Changes in the Leading Cause of Death: Recent Patterns in Heart Disease and Cancer Mortality

August 24, 2016

Questions for Melonie Heron, Demographer and Lead Author on “Changes in the Leading Cause of Death: Recent Patterns in Heart Disease and Cancer Mortality

Q: How have trends in deaths from heart disease and cancer changed since 1950?

MH: Since 1950, the number of heart disease deaths generally increased (by 43%) to a peak in 1985, declined (by 23%) from 1985 through 2011, then increased again (by 3%) from 2011 through 2014. In contrast, the number of cancer deaths nearly tripled from 1950 through 2014.


Q: Is it inevitable that cancer will ultimately pass heart disease as the leading cause of death in the U.S.?

MH: Because of the declining gap between heart disease and cancer deaths, it was expected that cancer would overtake heart disease as the leading cause of death in the U.S. in the early 2010s. However, the reversal in trend for heart disease deaths in 2012 changed that. It remains to be seen whether the uptick in heart disease deaths will be sustained.


Q: Where do heart disease and cancer rank as leading causes of death at the state level, and how has that changed over the years?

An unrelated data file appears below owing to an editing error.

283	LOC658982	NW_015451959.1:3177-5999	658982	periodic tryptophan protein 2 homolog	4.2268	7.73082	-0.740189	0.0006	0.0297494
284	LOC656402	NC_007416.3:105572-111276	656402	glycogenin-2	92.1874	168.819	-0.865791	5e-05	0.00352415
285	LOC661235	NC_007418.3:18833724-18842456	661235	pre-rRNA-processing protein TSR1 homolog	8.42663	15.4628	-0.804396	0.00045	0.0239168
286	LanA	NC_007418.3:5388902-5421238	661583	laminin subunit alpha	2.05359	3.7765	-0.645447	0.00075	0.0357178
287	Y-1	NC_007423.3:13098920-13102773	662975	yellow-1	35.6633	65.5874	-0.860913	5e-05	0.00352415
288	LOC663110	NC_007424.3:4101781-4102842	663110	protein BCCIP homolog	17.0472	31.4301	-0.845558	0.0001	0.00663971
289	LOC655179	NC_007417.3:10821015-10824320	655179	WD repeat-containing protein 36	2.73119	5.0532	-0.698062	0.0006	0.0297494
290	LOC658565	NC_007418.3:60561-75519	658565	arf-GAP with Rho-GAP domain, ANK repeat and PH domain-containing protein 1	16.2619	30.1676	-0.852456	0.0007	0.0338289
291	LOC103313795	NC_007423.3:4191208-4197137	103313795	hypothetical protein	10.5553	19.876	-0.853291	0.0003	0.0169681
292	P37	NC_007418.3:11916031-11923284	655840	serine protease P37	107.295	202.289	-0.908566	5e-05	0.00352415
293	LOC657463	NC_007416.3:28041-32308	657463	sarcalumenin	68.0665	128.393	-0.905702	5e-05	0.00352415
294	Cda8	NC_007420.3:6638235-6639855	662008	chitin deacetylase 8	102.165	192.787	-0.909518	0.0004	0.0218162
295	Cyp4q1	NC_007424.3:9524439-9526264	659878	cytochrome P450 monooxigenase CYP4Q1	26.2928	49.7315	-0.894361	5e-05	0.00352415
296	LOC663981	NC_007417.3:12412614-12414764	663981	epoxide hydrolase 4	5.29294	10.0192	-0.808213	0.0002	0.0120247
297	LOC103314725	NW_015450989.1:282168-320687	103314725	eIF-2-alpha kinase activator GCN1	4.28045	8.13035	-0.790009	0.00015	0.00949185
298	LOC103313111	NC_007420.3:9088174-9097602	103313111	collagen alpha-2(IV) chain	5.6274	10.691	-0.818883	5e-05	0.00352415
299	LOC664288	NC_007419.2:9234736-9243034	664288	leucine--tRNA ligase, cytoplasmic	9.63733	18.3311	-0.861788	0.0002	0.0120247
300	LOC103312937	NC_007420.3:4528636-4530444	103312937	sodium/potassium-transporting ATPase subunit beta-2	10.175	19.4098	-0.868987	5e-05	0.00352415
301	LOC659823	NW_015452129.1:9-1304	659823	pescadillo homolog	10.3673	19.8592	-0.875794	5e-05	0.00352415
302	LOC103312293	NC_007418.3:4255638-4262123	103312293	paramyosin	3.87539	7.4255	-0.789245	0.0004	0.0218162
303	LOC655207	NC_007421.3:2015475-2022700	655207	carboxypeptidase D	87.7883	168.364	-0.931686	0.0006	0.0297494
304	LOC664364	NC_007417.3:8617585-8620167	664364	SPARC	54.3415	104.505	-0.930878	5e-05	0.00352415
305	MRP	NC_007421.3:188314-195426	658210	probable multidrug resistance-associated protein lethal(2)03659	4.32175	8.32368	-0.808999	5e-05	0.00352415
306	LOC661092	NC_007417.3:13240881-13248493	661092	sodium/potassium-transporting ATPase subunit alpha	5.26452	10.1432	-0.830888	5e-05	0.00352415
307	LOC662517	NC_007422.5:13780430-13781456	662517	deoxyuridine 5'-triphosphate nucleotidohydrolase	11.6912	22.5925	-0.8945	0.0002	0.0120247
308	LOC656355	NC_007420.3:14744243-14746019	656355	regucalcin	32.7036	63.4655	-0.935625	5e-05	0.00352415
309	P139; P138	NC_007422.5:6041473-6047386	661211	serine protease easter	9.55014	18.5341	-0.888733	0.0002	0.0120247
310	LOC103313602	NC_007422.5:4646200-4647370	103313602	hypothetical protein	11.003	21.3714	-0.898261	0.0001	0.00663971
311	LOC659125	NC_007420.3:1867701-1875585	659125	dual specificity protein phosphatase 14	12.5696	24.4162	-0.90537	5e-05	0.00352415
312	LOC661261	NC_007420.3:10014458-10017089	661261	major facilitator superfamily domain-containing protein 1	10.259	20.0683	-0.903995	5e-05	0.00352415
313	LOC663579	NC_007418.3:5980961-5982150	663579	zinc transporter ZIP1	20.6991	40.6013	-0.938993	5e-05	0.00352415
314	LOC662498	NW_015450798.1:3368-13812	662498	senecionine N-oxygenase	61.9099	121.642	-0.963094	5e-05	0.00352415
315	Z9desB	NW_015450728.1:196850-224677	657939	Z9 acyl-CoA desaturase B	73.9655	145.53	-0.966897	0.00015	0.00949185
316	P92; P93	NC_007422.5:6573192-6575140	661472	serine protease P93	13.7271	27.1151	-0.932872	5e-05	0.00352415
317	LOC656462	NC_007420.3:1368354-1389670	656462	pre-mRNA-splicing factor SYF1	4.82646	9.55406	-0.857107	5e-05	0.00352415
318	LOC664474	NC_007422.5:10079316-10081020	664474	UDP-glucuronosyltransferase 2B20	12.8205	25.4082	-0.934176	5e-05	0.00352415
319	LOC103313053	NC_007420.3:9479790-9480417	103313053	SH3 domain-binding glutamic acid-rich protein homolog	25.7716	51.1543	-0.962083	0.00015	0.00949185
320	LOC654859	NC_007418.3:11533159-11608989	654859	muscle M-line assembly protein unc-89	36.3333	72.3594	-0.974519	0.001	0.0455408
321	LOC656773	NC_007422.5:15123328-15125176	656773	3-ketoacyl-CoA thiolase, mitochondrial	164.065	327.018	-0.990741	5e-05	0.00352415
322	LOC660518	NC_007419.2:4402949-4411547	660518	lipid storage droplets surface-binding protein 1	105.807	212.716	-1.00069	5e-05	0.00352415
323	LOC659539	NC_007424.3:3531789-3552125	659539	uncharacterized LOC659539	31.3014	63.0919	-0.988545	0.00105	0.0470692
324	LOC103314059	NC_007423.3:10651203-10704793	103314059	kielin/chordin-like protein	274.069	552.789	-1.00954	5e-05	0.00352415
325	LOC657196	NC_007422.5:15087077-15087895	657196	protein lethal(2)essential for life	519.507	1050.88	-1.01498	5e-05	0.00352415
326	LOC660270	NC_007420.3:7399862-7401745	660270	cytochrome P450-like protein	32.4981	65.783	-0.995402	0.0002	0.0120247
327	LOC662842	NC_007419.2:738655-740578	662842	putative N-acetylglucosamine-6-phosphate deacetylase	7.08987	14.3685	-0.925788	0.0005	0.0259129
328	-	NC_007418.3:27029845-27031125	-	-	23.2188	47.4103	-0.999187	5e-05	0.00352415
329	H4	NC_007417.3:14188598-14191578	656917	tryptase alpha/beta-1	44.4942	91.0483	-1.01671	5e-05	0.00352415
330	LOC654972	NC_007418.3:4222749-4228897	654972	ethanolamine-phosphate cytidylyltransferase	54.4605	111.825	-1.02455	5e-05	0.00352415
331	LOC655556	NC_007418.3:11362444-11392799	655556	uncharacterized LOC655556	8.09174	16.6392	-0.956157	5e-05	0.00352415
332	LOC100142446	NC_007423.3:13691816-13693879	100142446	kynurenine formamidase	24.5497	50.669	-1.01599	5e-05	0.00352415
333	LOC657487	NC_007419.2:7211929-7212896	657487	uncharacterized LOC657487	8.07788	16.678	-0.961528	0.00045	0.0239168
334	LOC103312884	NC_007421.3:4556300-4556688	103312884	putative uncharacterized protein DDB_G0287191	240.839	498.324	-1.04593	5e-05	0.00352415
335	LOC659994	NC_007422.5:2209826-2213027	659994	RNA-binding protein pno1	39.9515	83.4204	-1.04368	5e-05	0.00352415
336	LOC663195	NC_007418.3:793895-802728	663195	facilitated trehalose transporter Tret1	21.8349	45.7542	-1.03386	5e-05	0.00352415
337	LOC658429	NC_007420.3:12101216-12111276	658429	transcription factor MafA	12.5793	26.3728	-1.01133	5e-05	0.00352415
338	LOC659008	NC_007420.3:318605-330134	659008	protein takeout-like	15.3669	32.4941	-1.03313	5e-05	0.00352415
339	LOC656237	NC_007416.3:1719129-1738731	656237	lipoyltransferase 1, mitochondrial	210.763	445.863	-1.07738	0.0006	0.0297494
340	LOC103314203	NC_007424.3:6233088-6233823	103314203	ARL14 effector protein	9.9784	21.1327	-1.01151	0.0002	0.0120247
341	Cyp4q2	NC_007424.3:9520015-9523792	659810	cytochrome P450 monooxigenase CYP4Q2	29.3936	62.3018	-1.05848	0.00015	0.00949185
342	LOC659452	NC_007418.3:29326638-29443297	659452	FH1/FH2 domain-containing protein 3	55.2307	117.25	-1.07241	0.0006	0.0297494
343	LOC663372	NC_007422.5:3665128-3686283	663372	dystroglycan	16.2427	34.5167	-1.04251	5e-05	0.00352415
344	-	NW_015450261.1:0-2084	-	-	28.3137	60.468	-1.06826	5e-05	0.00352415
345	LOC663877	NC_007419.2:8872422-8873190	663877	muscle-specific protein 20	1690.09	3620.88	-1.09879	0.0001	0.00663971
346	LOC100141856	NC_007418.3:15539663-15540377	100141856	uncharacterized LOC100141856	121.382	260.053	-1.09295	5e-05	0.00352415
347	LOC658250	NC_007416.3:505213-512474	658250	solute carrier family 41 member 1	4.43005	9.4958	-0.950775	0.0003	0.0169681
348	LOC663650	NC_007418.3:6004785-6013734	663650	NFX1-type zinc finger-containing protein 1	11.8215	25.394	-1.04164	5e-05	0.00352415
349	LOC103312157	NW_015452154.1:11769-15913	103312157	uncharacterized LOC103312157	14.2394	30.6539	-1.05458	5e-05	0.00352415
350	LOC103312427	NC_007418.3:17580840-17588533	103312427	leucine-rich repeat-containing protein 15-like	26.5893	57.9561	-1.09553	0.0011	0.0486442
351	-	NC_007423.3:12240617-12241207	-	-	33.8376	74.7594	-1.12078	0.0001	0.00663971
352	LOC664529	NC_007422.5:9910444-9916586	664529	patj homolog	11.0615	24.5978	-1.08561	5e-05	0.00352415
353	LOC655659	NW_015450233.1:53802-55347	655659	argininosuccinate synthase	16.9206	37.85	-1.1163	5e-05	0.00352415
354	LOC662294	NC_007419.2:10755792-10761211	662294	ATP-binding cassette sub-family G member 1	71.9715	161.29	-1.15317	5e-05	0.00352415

MH: Heart disease was the leading cause of death for all U.S. states, with cancer as the second leading cause. In 1990, Alaska became the first state to experience a switch in ranks between these two causes. In 2000, Minnesota experienced the same switch. As of 2014, there are now 22 states with cancer as the leading cause of death.


Q: How have heart disease and cancer changed as leading causes of death among different race/ethnic groups over time?

MH: For the non-Hispanic white and non-Hispanic black populations, heart disease has consistently been the leading-cause of death, with cancer as the second leading cause. That remained the case in 2014. However, for the non-Hispanic Asian or Pacific Islander and Hispanic populations, cancer deaths have been increasing more than heart disease deaths. Cancer replaced heart disease as the leading cause of death for the non-Hispanic API population in 2000, and for the Hispanic population in 2009.


Q: What do you think is the most significant finding is in your new study?